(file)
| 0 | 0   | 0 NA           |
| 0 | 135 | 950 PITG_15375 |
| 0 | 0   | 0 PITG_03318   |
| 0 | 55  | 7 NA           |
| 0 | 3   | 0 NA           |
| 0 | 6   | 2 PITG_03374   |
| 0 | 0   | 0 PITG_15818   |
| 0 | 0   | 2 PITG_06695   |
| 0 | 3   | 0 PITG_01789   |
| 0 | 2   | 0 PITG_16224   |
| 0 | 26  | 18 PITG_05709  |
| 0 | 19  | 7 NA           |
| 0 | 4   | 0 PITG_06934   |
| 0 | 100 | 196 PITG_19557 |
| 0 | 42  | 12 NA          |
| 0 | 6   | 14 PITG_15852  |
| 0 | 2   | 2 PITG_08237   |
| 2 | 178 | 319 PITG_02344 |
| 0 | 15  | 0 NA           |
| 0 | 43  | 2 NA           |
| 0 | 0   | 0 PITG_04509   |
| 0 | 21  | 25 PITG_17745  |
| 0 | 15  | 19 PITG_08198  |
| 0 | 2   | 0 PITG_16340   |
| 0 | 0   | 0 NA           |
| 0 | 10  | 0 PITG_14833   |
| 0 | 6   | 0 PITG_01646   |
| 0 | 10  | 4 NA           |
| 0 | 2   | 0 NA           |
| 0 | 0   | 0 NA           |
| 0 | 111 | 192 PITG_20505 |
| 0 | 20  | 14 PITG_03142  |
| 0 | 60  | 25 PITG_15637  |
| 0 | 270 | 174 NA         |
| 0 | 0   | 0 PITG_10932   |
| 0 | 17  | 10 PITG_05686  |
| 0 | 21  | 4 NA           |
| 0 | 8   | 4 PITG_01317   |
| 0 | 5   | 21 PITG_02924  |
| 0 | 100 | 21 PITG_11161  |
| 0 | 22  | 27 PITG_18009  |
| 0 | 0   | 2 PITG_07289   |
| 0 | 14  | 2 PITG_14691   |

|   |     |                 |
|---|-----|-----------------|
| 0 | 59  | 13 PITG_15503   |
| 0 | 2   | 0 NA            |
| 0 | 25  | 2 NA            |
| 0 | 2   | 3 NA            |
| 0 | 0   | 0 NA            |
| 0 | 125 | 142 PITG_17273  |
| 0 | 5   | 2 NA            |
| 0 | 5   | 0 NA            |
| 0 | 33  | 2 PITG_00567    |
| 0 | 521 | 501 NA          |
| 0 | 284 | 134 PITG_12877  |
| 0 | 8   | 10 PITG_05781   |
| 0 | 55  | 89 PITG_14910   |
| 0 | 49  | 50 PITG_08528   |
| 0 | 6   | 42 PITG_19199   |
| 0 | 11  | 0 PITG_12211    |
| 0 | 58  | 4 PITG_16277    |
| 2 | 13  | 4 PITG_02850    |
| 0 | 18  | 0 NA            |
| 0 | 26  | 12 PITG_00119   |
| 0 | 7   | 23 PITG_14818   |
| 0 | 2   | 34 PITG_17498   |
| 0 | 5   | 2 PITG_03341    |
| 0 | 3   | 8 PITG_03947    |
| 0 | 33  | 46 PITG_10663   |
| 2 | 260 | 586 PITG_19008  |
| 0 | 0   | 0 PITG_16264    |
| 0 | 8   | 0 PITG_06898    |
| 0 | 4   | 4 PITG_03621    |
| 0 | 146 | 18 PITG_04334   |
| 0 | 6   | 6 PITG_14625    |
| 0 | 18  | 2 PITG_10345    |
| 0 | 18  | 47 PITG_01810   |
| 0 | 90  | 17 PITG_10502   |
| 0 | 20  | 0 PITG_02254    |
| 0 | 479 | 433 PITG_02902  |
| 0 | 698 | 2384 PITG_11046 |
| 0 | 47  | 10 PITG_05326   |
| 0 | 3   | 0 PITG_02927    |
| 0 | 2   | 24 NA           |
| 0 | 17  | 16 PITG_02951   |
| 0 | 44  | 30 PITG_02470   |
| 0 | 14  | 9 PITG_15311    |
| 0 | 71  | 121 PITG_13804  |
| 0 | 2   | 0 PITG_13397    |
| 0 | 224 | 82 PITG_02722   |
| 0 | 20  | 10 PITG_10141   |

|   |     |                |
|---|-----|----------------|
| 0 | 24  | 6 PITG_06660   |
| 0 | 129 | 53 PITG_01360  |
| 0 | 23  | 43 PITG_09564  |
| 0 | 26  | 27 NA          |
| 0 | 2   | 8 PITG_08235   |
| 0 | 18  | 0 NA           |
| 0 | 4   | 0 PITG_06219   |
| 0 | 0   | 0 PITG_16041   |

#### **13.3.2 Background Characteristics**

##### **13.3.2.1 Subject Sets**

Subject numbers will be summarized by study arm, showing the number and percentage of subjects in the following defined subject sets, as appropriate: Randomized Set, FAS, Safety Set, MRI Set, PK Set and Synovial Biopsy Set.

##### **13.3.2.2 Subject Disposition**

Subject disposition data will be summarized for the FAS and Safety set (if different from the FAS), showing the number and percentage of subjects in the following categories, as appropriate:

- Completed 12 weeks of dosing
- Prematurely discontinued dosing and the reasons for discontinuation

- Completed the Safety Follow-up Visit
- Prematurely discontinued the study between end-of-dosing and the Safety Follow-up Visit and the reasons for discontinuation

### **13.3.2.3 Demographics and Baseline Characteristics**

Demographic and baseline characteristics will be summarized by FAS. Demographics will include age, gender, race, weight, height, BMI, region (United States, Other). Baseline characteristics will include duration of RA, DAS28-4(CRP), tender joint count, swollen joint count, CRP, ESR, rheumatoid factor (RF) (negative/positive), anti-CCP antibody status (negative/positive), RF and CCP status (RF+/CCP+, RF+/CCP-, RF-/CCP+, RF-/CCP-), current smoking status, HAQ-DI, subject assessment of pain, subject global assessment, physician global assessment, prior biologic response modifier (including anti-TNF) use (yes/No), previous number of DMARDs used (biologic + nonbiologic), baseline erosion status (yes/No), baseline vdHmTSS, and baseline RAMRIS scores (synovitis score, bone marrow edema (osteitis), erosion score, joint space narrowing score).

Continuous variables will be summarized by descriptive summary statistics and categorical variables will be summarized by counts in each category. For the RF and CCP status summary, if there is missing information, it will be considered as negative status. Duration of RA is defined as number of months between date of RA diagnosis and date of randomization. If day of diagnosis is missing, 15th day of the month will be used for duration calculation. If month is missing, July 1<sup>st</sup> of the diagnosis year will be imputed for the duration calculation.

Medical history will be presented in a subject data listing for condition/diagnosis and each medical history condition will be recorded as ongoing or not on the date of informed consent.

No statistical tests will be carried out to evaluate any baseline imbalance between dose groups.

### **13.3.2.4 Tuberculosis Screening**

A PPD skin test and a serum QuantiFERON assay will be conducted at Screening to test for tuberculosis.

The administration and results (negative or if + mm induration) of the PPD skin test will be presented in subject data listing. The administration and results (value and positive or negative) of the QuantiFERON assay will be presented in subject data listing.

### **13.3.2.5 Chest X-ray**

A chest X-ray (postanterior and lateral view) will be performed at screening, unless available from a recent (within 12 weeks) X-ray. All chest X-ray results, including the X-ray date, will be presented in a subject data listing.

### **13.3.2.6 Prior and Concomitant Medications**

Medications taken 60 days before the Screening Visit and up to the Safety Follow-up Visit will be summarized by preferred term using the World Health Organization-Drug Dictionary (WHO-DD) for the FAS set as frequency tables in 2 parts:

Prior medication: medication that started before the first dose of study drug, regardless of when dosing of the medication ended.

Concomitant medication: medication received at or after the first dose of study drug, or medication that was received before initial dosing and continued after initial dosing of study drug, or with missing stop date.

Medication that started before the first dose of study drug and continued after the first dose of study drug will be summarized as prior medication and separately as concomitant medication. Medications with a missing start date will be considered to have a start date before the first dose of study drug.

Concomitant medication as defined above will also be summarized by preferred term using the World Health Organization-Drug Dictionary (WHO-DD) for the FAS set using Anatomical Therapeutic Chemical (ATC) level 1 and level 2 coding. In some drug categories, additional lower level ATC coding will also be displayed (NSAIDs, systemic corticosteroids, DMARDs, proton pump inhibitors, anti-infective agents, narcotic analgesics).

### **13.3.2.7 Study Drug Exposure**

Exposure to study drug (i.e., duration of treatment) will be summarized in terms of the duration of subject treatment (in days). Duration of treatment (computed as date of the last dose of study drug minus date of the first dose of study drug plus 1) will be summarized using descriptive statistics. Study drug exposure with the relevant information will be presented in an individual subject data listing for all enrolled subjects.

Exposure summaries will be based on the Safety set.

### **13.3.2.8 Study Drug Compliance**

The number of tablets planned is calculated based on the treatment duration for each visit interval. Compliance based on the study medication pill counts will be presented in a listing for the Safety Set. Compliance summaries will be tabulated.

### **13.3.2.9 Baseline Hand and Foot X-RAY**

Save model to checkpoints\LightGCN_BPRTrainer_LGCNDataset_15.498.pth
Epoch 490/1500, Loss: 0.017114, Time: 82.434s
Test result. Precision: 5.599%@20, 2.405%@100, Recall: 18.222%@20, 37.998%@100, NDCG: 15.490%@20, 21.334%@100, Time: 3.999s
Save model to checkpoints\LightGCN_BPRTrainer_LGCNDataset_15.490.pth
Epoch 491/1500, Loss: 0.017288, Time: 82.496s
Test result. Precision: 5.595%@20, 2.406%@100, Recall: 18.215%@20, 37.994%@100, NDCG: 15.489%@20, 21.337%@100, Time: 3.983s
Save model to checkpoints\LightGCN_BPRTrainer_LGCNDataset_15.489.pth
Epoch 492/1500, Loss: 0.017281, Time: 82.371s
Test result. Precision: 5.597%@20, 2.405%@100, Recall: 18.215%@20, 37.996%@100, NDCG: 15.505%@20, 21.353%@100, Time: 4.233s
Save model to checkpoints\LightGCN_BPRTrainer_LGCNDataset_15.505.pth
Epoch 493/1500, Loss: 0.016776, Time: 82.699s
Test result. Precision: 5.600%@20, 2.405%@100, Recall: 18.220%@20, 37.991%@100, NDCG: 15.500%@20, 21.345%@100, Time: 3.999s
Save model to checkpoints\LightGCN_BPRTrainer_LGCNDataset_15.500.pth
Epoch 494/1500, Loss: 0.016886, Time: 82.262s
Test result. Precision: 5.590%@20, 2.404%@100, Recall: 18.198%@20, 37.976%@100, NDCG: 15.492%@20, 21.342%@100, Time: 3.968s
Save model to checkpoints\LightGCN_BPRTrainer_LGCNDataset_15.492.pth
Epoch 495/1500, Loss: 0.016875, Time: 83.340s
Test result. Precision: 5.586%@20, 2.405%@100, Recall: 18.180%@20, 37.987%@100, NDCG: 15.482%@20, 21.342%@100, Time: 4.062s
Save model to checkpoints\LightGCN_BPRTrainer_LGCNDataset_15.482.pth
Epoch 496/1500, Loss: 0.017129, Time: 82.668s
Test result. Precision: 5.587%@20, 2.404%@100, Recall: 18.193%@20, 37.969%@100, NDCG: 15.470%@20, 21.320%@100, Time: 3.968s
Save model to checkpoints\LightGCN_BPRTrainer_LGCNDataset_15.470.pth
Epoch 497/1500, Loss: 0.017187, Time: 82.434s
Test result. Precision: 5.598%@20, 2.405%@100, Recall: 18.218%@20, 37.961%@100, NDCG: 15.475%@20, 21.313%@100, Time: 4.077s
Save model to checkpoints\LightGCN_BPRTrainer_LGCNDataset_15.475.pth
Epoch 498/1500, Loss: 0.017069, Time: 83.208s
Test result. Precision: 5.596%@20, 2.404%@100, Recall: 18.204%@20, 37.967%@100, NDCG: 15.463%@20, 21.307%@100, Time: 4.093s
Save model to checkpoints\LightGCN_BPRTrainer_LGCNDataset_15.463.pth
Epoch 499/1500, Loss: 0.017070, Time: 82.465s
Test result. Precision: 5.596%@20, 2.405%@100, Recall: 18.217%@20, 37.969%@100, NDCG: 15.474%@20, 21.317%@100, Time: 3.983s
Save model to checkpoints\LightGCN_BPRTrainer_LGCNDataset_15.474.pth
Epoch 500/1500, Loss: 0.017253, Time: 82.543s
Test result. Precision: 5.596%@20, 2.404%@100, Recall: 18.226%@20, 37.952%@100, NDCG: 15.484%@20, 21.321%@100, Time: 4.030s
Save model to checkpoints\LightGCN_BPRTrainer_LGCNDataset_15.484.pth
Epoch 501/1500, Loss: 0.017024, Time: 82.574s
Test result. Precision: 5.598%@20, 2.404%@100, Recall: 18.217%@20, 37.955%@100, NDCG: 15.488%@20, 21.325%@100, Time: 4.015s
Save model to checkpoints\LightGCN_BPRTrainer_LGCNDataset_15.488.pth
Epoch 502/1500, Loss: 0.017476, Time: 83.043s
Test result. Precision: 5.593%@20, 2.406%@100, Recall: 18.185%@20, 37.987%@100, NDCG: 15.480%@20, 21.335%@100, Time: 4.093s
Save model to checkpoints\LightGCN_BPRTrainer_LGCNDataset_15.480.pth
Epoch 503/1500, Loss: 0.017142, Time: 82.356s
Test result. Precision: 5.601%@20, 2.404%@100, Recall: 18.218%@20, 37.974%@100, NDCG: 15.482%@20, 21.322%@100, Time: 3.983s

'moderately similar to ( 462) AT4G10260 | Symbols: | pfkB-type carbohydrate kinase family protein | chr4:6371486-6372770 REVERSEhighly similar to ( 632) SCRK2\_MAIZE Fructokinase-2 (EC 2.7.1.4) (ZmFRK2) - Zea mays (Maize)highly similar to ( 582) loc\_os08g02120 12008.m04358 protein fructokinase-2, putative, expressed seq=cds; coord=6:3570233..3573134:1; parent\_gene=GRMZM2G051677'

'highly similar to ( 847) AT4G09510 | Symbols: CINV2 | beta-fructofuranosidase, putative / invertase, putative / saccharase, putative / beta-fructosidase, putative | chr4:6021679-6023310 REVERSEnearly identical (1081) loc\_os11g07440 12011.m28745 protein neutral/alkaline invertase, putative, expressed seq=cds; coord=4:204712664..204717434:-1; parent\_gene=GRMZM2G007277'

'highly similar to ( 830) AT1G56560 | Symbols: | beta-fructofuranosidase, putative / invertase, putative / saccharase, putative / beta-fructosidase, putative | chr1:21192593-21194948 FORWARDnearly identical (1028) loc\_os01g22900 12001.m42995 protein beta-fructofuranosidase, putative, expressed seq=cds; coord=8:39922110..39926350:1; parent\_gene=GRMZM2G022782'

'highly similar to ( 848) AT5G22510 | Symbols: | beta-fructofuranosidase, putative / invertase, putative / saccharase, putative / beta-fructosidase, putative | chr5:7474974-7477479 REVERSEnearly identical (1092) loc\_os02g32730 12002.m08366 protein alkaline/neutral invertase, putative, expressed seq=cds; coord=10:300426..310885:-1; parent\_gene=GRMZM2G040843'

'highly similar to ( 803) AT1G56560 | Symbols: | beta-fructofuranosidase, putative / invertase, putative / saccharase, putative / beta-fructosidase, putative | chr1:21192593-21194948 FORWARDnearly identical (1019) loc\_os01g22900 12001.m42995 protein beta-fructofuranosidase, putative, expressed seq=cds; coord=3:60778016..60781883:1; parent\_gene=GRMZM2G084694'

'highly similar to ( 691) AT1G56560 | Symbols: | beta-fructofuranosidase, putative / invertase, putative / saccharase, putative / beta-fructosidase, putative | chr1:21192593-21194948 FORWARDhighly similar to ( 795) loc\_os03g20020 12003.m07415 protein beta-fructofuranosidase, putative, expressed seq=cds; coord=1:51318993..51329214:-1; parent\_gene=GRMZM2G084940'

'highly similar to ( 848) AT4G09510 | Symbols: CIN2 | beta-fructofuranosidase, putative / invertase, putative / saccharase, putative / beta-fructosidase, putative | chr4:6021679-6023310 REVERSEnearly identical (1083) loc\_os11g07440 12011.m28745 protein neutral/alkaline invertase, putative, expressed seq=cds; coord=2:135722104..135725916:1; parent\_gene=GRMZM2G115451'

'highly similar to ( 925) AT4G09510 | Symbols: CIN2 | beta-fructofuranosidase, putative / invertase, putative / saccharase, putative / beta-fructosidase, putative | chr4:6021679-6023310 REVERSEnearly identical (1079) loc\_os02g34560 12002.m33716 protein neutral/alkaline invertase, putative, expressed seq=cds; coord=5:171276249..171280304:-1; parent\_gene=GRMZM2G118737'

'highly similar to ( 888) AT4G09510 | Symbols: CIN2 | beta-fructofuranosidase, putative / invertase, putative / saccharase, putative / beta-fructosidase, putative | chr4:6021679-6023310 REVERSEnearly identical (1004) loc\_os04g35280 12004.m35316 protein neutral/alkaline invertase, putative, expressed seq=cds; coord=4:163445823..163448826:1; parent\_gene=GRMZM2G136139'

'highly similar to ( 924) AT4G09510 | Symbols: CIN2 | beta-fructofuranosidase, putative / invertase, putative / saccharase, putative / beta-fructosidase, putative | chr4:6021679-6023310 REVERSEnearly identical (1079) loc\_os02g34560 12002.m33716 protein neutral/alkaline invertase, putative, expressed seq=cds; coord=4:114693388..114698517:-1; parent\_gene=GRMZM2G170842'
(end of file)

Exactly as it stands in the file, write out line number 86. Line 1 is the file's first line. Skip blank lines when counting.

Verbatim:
| 0 | 17  | 16 PITG_02951   |